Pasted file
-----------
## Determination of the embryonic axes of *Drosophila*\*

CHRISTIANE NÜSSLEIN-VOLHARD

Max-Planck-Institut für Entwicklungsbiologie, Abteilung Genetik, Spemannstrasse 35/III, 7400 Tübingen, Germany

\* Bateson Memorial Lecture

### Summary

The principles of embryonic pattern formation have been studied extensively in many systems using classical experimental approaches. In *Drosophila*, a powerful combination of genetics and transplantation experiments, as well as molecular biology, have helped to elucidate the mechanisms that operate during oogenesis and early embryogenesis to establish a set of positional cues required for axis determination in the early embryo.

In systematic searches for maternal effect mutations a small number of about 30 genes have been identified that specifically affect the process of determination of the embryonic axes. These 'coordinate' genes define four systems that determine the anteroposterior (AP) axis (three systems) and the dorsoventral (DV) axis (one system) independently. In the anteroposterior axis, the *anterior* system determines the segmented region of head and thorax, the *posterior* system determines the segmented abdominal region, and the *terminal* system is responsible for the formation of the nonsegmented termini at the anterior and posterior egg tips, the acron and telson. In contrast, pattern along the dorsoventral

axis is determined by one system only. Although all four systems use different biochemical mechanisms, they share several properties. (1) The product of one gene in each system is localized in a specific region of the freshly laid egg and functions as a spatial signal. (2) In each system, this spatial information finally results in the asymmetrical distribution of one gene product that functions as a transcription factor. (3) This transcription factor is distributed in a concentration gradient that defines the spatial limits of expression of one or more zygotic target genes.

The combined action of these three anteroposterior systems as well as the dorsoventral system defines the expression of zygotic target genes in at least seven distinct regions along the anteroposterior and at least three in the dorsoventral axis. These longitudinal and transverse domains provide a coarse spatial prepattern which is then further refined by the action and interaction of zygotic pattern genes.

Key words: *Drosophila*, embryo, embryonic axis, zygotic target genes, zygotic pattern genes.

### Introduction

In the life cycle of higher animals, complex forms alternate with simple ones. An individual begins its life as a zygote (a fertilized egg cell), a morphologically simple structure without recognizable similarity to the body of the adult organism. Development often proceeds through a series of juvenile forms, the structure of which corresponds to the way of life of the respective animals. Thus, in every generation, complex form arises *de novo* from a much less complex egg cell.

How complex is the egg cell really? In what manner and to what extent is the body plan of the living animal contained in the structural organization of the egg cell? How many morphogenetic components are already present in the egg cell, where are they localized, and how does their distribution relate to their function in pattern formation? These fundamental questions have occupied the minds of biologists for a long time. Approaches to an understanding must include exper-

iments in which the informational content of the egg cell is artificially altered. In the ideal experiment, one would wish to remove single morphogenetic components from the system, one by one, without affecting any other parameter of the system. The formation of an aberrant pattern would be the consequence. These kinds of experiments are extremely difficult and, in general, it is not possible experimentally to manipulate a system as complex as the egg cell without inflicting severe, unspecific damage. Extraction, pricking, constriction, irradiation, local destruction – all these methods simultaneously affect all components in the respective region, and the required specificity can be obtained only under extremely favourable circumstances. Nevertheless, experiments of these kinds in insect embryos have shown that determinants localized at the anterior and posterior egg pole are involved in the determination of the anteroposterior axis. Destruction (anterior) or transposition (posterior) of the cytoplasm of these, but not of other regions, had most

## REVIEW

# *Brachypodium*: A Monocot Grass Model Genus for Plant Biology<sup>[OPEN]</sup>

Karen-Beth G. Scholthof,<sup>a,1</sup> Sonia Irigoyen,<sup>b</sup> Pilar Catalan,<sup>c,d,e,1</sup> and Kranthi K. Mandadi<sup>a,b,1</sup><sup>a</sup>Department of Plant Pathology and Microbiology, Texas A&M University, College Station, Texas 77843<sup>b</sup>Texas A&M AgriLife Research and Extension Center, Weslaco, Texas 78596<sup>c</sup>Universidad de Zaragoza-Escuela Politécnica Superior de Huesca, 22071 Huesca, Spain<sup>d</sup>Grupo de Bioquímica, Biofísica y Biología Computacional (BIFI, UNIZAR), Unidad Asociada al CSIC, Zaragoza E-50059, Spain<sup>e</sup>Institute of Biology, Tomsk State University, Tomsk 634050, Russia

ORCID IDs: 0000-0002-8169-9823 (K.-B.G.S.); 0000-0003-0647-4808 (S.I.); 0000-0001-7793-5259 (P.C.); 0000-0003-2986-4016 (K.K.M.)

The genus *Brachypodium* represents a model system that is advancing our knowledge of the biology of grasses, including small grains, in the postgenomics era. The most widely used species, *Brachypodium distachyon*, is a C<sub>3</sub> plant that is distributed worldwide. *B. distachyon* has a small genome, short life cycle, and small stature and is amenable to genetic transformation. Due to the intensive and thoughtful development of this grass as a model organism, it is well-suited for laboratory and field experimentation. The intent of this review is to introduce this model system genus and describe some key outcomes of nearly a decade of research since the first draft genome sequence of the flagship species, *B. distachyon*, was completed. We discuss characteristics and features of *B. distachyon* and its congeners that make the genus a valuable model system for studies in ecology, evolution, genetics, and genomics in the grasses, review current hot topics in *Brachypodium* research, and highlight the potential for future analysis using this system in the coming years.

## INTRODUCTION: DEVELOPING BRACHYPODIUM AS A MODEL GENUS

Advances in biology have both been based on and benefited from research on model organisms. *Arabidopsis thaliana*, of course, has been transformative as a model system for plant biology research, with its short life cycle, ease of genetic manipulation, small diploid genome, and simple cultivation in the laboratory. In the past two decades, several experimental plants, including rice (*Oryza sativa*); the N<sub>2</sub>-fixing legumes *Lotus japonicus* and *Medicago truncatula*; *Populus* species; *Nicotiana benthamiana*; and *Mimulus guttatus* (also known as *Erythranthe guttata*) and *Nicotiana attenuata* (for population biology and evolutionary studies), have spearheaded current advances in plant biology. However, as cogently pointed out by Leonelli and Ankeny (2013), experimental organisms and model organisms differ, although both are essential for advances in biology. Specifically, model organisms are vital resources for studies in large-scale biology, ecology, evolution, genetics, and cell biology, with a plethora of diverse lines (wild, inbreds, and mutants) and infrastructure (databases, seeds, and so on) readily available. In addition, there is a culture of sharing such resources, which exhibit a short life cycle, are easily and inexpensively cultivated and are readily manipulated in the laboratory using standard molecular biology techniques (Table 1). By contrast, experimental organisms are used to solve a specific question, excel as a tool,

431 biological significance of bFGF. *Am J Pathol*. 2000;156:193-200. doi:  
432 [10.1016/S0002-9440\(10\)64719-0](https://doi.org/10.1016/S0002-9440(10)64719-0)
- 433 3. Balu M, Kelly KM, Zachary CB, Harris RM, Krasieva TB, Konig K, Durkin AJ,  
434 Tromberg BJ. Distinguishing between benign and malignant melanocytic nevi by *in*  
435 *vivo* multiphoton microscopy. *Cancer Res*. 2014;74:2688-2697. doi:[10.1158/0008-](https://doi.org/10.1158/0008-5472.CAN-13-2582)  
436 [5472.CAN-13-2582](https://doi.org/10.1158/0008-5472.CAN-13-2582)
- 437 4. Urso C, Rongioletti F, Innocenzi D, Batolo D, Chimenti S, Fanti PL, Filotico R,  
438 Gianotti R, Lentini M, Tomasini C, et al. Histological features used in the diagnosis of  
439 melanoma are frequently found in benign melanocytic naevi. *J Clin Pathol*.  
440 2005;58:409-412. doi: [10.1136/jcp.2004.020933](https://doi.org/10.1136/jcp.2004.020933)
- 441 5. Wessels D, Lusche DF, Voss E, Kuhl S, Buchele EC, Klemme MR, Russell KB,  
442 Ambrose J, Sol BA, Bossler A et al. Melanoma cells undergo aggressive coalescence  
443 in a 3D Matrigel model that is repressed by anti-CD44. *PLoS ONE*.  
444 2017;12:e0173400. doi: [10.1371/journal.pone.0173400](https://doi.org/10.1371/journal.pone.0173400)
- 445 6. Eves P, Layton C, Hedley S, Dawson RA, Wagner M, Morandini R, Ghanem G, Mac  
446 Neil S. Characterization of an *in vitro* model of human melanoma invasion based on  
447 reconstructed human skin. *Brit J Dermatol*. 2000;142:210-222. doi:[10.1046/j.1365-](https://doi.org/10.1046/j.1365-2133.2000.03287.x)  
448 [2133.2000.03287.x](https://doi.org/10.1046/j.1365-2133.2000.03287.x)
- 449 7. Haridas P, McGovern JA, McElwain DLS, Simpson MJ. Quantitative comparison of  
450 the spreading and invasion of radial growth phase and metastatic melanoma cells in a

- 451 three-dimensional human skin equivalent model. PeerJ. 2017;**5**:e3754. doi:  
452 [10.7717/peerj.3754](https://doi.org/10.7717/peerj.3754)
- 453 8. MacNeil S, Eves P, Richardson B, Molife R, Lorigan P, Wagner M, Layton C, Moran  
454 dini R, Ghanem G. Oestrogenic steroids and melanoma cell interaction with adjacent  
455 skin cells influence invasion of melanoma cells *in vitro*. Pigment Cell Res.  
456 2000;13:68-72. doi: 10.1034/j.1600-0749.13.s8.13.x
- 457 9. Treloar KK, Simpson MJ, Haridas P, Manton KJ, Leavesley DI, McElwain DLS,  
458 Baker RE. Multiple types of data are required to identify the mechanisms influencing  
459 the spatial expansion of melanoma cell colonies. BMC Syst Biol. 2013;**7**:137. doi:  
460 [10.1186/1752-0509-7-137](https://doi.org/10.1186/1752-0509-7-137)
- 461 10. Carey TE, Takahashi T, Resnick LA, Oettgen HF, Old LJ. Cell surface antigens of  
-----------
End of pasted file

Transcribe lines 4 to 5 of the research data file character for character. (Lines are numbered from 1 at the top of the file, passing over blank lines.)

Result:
\* Bateson Memorial Lecture

### Summary